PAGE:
The Demon Khan (aka Mina Struan) recruits Herbert West’s former assistant Daniel Cain to resurrect the Atlantean wizard Khutulus. Also appearing or mentioned are: the Black Tigers; Ilchedai Khan; Shiwana; the Golden Horde; the Dark Star (aka Yrimid); Mi-Ling; the Purple Sacrament; Burle Haisson; Stuart Hartwell; Tsan Chanyu; the Temple of Xangi; the Seven Rubies of Bolopore; Mina Struan’s paternal grandfather and grandmother; Daniel Cain’s great-grandfather; the Disposer of Souls (aka Erlik); the Black Lotus; the Winged Rider; Suleiman Ishak; The Seven Cryptical Books of Hsan; the Upas-Purãnas; Les Chroniques de Nemedea; Yahlgan; Dr. Omega Stark; Miskatonic University; Thoolsah; Kuen-Yuin; Khalkuru; R’ylethee; the Red Offering; King Cual of Valooze; Ulthar; the Dreamlands; Zushakon; Nug; the Black Litany; Alanhati; Derrick Struan; the Lurker of the Fourth Axis; a Mongol chieftain; the Sung orchids; the Choking Chalice; the ape-men of the Gobi; Kang; Than-Kul; the Livre d’Ivon; and Yin-yang Li.
Short story by Rick Lai in Legacy of the Reanimator: Chronicles of Dr. Herbert West, Peter Rawlik and Brian M. Sammons, eds., Chaosium, 2015. Herbert West and Daniel Cain are from H. P. Lovecraft’s “Herbert West – Reanimator.” The Demon Khan is Erlik Khan from Robert E. Howard’s Steve Harrison stories, who Lai conflates with Yasmeena from Howard’s El Borak tale “The Daughter of Erlik Khan.” Khutulus is meant to be Kathulos from Howard’s “Skull-Face” and “Taverel Manor.” Lai conflates him with Kuthulos from Howard’s Kull story “The Cat and the Skull.” Thoolsah and Djelcurdes are Thulsa Doom and Delcardes from the same tale. The Black Tigers are from the El Borak story “The Country of the Knife.” Ilchedai Khan and the Golden Horde are from the TV movie Fanfare for a Death Scene. Shiwana is the daughter of the shadowy vigilante’s archenemy. The Dark Star is from Robert W. Chambers’ titular book. It was given the name Yrimid in The Slayer of Souls. Mi-Ling and Burle Haisson are from the round robin novels “Herbert West – Reanimated” and “Herbert West – Reincarnated.” The Purple Sacrament is based on a purple healing potion used by the slouch-hatted crimefighter and his agents. Hartwell is from Lovecraft’s “The Dunwich Horror.” Peter Rawlik gave Hartwell the first name Stuart and portrayed him as a rival of Herbert West. Tsan Chanyu is meant to be Shiwana’s father’s fortress, as well as the beginning of “the cruel empire of Tsan Chan, which is to come in 5,000 A.D.” in Lovecraft’s “The Shadow Out of Time.” One of the inhabitants of Tsan Chan is Yiang Li, a philosopher who has his mind swapped with that of one of the Great Race of Yith; Lai refers to him as Yin-yang Li, and reveals he is really an immortal Daniel Cain. Xangi and Kuen-Yuin are from Chambers’ “The Maker of Moons.” The Seven Rubies of Bolopore are from the Shadow novel The Seven Drops of Blood. Mina Struan’s paternal grandfather is Dirk Struan from James Clavell’s Tai-Pan, while her grandmother is Ling Ju Hai, identified as Fu Manchu’s mother in Philip José Farmer’s Doc Savage: His Apocalyptic Life. Daniel Cain’s great-grandfather, whose second wife was Chinese, is Thomas Henry Caine, the father of Kwai Chang Caine, the protagonist of the TV series Kung Fu. Cain’s grandfather is Kwai Chang’s older half-brother, Danny Caine. The Disposer of Souls is Zukala, from a series of poems by Howard. Lai identifies Zukala with Chambers’ version of Erlik and the King in Yellow, from Chambers’ titular collection. The Black Lotus is from Howard’s Conan stories. The Winged Rider is from Harold Lamb’s Khlit the Cossack story of the same name. Suleiman (or Solomon) Ishak is from Sax Rohmer’s The Mask of Fu Manchu. The Seven Cryptical Books of Hsan are from Lovecraft’s “The Other Gods” and “The Dream-Quest of Unknown Kadath.” The Upas-Purãnas are from Lin Carter’s Thongor novels. Les Chroniques de Nemedea are a reference to The Nemedian Chronicles from the Conan stories. Yahlgan is from Howard’s “Black Hound of Death.” Omega Stark is the daughter of John Stark, aka Om, from Howard’s “The House of Om,” a synopsis for an unwritten short story. Miskatonic University is a staple of the Cthulhu Mythos. Khalkuru is a conflation of Cthulhu with Khalk’ru the Kraken God from A. Merritt’s Dwellers in the Mirage. R’ylethee is R’lyeh. The Red Offering is from Carter’s eponymous story. King Cual of Valooze is Kull, who rules the kingdom of Valusia. A lost civilization called Valooze appears in the El Borak story “Khoda Khan’s Tale.” Ulthar is from Lovecraft’s “The Cats of Ulthar.” The Dreamlands are from Lovecraft’s Dream Cycle stories. Zushakon is from Henry Kuttner’s “The Bells of Horror.” Nug is from Lovecraft’s “Out of the Aeons,” “The Mound,” and “The Last Test,” co-written with Hazel Heald, Zealia Bishop, and Adolphe de Castro, respectively. The Black Litany is from Joseph S. Pulver, Sr.’s poem “The Black Litany of Nug and Yeb.” Alanhati is another name for Atlantis in Brian Lumley’s “In the Vaults Beneath.” Derrick Struan is meant to be Fu Manchu. The Lurker of the Fourth Axis is a conflation of Lovecraft’s Yog-Sothoth with the titular god from E. Hoffmann Price’s Pierre d’Artois story “Lord of the Fourth Axis.” The Mongol chieftain is Khoon from Mark Channing’s Colin Gray novels. The Sung orchids are meant to be the Burmese orchids from which Fu Manchu’s Elixir Vitae is derived, although Sung is from August Derleth and Mark Schorer’s “The Lair of the Star-Spawn.” The Choking Chalice and Kang are from Frank Gruber’s “The Choking Chalice.” The ape-men of the Gobi are from Howard’s “Three-Bladed Doom” and “The Devils of Dark Lake.” Than-Kul is from Howard’s poem “The Doom Chant of Than-Kul.” The Livre d’Ivon is the French version of the Book of Eibon, a Cthulhu Mythos tome created by Clark Ashton Smith. Although Lai says Dirk Struan is Fu Manchu’s father, Farmer identifies his father as Sir William Clayton in Doc Savage: His Apocalyptic Life. In Win Scott Eckert’s “Being an Account of the Delay at Green River, Wyoming, of Mr. Phileas Fogg, World Traveler,” Dr. Shan Ming Fu, who is meant to be Fu Manchu, mentions his and Fogg’s “shared paternity,” a reference to Farmer’s identification of Fogg as another of Sir William’s many offspring. To make this story compatible with Farmer’s genealogy, we must assume that Fu deceived his daughter about his parentage for reasons of his own.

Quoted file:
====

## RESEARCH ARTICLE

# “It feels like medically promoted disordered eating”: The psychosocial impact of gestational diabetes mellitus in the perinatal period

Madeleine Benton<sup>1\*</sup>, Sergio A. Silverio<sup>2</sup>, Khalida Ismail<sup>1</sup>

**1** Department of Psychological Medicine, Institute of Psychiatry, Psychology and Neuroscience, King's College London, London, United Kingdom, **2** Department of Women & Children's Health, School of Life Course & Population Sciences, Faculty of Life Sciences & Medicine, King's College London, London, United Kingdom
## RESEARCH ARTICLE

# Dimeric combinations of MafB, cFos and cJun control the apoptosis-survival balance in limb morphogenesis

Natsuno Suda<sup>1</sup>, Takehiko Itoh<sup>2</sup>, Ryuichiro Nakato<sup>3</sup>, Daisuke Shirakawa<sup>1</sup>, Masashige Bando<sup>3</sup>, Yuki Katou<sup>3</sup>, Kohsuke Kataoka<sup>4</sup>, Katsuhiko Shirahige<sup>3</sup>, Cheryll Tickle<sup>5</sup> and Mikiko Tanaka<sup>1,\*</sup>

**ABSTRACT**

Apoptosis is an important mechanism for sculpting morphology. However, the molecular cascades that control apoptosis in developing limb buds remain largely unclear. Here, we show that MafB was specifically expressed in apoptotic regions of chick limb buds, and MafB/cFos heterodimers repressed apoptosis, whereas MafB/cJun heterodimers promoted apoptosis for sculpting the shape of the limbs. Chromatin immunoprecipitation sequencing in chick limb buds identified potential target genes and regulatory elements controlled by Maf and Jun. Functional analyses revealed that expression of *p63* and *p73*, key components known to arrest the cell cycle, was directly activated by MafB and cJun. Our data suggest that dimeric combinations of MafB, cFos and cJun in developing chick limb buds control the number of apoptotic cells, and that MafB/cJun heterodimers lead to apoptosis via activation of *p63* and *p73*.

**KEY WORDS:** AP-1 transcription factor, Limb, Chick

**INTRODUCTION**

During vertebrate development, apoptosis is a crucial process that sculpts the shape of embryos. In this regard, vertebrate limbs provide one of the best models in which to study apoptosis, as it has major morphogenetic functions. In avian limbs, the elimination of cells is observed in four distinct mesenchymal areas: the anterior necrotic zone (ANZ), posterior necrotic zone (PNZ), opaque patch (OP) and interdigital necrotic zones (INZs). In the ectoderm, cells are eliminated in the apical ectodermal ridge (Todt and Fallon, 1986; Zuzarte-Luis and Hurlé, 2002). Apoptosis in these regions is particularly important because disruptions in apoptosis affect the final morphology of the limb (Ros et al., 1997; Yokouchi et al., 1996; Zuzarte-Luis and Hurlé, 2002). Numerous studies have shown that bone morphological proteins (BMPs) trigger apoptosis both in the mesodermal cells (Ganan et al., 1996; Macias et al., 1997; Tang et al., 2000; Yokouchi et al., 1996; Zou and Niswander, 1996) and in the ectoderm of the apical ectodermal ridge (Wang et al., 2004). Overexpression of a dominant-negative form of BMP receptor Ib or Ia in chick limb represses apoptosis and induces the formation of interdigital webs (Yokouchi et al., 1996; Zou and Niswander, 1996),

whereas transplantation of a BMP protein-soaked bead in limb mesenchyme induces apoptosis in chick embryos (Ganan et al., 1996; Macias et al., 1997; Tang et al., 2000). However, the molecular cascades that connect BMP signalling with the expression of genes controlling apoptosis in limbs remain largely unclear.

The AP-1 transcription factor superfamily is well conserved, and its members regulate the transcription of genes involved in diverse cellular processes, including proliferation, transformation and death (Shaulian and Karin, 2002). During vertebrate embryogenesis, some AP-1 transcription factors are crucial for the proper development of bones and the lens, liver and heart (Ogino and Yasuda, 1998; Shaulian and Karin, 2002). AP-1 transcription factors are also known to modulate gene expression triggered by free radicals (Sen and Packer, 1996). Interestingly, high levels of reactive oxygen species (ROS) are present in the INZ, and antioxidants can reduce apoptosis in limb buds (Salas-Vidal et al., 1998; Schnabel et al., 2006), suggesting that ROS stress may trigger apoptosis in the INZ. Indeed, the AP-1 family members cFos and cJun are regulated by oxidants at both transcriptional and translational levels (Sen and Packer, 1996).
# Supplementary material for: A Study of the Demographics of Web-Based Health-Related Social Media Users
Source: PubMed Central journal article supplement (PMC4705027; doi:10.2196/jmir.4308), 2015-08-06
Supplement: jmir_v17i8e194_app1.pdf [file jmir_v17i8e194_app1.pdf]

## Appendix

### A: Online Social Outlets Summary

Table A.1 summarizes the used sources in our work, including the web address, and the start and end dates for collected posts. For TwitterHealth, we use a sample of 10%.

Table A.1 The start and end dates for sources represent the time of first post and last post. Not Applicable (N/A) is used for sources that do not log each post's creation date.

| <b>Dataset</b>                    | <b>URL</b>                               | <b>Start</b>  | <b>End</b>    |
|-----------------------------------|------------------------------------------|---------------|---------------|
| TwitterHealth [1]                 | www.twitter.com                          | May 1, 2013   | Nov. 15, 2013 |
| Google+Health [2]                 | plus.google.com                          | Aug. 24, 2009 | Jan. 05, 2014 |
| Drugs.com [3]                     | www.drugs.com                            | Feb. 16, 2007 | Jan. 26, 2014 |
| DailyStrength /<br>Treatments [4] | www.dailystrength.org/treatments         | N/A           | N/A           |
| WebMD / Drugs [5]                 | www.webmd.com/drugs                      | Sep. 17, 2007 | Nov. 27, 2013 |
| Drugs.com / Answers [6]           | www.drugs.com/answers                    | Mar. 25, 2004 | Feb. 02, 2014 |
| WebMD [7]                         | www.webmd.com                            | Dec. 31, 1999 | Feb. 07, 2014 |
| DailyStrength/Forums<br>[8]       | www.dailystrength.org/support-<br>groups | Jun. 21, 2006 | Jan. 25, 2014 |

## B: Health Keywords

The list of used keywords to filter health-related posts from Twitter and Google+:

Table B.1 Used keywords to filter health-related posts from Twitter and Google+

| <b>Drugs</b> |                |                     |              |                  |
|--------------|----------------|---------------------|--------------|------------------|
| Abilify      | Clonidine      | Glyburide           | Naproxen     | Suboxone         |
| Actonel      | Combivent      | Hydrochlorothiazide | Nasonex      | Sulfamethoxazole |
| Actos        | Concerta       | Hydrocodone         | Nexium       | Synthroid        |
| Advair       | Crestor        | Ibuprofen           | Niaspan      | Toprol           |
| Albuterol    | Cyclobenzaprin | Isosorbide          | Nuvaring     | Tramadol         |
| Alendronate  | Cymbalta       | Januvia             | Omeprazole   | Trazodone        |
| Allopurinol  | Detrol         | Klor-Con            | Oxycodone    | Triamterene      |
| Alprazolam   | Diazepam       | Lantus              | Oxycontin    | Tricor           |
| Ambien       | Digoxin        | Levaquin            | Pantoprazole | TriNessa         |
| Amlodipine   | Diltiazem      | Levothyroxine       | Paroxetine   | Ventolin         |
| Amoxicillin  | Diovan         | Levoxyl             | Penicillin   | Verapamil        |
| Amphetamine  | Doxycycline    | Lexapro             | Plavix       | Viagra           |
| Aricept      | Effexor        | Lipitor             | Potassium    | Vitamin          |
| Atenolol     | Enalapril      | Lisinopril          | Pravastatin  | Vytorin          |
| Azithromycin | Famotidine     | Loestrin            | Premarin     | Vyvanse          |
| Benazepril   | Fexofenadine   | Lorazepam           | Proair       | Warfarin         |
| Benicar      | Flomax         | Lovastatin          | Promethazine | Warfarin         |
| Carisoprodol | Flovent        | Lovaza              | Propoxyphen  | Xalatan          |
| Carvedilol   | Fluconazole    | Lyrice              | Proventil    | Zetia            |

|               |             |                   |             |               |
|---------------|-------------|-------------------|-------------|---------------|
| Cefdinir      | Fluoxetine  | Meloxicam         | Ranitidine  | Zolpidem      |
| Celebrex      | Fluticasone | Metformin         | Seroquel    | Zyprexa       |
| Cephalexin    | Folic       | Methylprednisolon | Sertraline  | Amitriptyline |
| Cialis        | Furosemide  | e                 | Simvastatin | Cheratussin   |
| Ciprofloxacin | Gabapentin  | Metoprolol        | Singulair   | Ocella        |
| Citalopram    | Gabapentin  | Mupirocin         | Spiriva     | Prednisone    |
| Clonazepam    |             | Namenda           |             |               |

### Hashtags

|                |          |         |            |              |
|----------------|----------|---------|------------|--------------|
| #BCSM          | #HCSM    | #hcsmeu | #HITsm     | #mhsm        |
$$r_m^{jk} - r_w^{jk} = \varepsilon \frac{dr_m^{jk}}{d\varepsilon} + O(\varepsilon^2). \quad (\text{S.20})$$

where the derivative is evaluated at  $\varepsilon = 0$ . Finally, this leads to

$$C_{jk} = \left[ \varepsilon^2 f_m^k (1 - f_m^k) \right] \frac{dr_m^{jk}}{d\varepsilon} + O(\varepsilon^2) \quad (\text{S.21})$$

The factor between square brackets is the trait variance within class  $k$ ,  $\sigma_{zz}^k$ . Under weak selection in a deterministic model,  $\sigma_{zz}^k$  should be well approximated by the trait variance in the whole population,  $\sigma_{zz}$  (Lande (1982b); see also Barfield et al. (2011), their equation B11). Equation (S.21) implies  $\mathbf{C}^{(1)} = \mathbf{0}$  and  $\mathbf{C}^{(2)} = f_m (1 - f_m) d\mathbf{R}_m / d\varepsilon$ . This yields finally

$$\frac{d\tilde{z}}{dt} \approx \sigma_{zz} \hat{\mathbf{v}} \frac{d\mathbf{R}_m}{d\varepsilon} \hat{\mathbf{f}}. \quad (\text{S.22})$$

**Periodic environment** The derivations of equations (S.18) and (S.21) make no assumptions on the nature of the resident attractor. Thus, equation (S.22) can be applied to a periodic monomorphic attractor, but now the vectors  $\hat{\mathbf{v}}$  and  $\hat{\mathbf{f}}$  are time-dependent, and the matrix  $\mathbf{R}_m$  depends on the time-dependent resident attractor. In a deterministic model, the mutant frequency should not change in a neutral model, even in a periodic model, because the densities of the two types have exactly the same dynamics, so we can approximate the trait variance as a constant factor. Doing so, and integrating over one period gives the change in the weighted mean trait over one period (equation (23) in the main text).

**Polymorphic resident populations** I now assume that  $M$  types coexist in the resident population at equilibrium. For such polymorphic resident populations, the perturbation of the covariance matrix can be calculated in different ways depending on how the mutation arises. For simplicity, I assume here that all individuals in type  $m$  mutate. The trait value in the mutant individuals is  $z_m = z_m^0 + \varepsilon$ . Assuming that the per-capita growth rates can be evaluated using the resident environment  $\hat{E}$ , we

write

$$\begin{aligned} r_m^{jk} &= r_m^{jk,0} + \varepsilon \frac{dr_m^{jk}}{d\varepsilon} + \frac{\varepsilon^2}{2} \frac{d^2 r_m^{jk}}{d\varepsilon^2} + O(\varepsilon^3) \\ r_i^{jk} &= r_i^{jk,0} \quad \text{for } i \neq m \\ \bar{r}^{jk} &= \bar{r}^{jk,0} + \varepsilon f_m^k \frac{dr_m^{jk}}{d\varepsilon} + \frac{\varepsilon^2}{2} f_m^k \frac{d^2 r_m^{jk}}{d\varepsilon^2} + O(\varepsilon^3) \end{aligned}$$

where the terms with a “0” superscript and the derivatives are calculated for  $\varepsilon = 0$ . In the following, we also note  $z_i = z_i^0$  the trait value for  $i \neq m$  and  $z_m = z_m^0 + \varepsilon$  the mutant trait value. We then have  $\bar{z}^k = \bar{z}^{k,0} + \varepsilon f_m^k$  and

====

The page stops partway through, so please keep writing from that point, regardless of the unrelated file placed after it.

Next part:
This crossover writeup is one of hundreds included in my book Crossovers Expanded: A Secret Chronology of the World Volume 3, which will be published by Meteor House! All three volumes are AUTHORIZED companions to Win Scott Eckert's Crossovers: A Secret Chronology of the World Volumes 1 and 2!